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Author Patterson, M.K.
Source IEEE Xplore Digital Library
Content type Text
Publisher Institute of Electrical and Electronics Engineers, Inc. (IEEE)
File Format PDF
Copyright Year ©2008
Language English
Subject Domain (in DDC) Natural sciences & mathematics ♦ Physics ♦ Electricity & electronics ♦ Technology ♦ Engineering & allied operations ♦ Applied physics
Subject Keyword Temperature ♦ Energy efficiency ♦ Cooling ♦ Heat sinks ♦ Performance gain ♦ Moore's Law ♦ Silicon ♦ Information technology ♦ Computer industry ♦ Costs ♦ Room Temperature ♦ Server ♦ Thermal Management ♦ Fan Power ♦ Economizer ♦ PUE ♦ Energy Efficiency
Abstract Server's capabilities are increasing at or beyond the rate of performance improvement gains predicted by Moore's Law for the silicon itself. The challenge for the information technology (IT) owner is housing and operating all of this computational power in the data center. With more computational power in each unit volume, the industry is experiencing a significant increase in power density and hence a greater cooling challenge. The ability to now tackle computational tasks that were previously unattainable has driven energy costs to new levels. Methods to reduce the energy used in cooling these machines are being studied throughout the industry. One of the areas being considered is increasing the data center server ambient inlet temperature. ASHRAE [1] suggests a recommended limit of 20 - 25degC for the most advanced Data Centers. There is a belief that operating at the high end of this range or above it will reduce the total power use in the data center by making the cooling system more efficient. A thermodynamic analysis clearly indicates that increasing the temperature of the high temperature heat source, while holding the lower temperature heat sink constant, will give an efficiency gain to the heat removal from the system. Unfortunately the simple model does not capture all of the components of the overall system and may lead to an erroneous conclusion. In fact, increasing the ambient temperature can lead to an increase in power usage of some components and systems in the data center as temperature goes up. The overall room energy use may only go down marginally or may even go up at warmer temperatures. In this paper we examine the complete energy picture from the utility connection to the rejection of heat from the facility to the outdoor environment and look at the impact an increased ambient temperature will have on each component in that chain. This analysis indicates that there is an optimum temperature for data center operation that will depend on each data center's individual characteristics, include IT equipment, cooling system architecture, data center location (e.g. outside ambient conditions), as well as other factors. Additional impacts of an increasing ambient inlet temperature, such as reliability issues and operational complexity are also discussed. It is concluded that simply raising the ambient temperature in the data center may not have the desired effect of energy use reduction.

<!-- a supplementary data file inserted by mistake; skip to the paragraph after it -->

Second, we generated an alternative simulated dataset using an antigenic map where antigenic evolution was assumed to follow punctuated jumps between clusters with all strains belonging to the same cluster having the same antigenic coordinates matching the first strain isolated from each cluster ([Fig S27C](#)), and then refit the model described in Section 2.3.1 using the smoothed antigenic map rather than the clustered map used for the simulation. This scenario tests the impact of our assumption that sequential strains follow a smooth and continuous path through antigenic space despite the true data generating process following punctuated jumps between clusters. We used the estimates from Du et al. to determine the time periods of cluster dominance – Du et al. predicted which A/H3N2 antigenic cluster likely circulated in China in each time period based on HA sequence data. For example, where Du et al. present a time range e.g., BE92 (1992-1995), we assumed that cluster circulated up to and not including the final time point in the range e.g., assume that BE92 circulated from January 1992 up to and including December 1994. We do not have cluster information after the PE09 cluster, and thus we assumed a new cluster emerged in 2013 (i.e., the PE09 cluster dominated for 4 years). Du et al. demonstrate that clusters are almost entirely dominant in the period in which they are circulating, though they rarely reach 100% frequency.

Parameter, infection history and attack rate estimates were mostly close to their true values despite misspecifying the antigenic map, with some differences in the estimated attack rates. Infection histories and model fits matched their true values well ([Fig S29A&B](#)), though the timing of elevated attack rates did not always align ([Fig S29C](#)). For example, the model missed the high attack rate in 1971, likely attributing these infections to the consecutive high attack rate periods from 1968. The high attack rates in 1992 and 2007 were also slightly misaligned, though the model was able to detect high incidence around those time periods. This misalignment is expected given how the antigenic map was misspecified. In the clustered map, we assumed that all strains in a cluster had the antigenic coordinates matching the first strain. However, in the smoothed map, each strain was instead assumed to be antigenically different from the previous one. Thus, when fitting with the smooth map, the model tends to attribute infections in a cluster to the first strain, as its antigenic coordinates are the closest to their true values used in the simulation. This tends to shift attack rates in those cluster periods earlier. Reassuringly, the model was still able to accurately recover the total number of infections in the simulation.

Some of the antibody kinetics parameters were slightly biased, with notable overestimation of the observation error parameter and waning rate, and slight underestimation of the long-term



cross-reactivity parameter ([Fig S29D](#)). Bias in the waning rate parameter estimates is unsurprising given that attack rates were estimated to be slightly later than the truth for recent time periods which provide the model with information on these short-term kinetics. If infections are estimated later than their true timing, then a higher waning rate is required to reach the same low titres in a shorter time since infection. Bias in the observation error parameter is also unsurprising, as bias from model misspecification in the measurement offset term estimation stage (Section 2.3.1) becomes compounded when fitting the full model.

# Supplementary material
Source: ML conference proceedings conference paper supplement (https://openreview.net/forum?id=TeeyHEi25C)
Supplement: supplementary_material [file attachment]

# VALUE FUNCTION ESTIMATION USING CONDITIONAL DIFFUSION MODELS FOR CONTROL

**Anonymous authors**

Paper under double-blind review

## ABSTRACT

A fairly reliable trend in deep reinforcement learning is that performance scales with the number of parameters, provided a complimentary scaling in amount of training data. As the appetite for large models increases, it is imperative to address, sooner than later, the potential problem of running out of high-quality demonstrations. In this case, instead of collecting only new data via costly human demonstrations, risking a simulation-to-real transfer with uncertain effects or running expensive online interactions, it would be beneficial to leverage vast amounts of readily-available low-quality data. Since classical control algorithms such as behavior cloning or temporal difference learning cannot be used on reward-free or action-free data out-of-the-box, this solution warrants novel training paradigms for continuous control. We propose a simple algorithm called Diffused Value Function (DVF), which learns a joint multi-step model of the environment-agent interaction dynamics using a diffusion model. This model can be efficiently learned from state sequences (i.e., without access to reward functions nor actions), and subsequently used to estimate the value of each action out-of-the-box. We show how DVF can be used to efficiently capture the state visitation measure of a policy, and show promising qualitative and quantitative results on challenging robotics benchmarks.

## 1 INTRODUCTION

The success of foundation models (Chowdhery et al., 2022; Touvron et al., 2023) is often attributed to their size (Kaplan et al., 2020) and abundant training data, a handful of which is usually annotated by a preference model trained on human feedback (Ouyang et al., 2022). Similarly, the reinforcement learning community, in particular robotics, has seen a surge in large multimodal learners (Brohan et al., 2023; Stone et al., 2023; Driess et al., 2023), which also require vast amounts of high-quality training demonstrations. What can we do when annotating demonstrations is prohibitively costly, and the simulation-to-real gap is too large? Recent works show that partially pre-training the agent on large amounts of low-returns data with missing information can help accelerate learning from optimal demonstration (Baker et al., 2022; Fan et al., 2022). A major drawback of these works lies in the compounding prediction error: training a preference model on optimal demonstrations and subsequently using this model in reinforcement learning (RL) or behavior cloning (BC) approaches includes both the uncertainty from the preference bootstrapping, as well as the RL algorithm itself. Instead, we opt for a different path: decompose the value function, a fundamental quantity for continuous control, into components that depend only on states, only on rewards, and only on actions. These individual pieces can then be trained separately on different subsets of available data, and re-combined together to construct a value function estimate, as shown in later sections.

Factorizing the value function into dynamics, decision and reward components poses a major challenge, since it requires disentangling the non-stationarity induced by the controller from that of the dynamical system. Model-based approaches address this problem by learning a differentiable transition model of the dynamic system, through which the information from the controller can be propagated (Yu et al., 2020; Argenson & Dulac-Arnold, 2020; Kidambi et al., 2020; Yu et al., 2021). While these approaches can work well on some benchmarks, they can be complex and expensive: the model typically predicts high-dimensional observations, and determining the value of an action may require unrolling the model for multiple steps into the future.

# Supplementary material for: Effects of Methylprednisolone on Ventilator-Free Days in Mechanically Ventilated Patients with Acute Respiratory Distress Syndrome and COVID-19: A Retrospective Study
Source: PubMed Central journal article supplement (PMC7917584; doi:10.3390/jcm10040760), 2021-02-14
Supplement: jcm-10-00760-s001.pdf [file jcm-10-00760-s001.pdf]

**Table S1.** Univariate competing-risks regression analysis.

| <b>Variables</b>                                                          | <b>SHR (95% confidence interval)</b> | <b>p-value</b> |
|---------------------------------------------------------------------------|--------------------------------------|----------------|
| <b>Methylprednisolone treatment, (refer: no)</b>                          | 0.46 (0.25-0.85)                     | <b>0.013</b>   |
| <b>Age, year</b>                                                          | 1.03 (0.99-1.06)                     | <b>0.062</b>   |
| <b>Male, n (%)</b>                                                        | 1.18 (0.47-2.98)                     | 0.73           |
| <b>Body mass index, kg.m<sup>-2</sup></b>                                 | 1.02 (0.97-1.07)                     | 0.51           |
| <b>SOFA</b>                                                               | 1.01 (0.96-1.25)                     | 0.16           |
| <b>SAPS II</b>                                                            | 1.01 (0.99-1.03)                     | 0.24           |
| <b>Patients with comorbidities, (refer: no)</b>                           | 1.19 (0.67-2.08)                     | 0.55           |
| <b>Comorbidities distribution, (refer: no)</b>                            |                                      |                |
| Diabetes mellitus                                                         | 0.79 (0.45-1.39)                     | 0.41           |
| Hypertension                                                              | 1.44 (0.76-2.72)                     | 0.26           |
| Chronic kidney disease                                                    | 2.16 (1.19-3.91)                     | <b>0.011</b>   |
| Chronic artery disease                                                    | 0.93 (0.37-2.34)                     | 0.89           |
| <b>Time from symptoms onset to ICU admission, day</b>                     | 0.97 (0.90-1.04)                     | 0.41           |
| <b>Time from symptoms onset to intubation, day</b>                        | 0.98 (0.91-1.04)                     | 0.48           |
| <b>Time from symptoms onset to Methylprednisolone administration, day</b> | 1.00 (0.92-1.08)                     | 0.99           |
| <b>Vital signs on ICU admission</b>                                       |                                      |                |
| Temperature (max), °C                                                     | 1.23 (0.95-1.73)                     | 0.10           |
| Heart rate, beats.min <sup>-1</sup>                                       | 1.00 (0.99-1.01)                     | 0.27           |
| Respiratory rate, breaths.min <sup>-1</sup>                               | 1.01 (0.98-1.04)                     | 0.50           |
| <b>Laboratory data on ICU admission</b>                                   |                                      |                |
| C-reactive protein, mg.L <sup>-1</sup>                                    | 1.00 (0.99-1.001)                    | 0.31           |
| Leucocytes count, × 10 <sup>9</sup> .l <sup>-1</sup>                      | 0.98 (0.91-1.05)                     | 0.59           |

Description Author affiliation: Intel Corp., Hillsboro, OR (Patterson, M.K.)
ISBN 9781424417001
ISSN 10879870
Educational Role Student ♦ Teacher
Age Range above 22 year
Educational Use Research ♦ Reading
Education Level UG and PG
Learning Resource Type Article
Publisher Date 2008-05-28
Publisher Place USA
Rights Holder Institute of Electrical and Electronics Engineers, Inc. (IEEE)
Size (in Bytes) 165.01 kB
Page Count 8
Starting Page 1167
Ending Page 1174


Source: IEEE Xplore Digital Library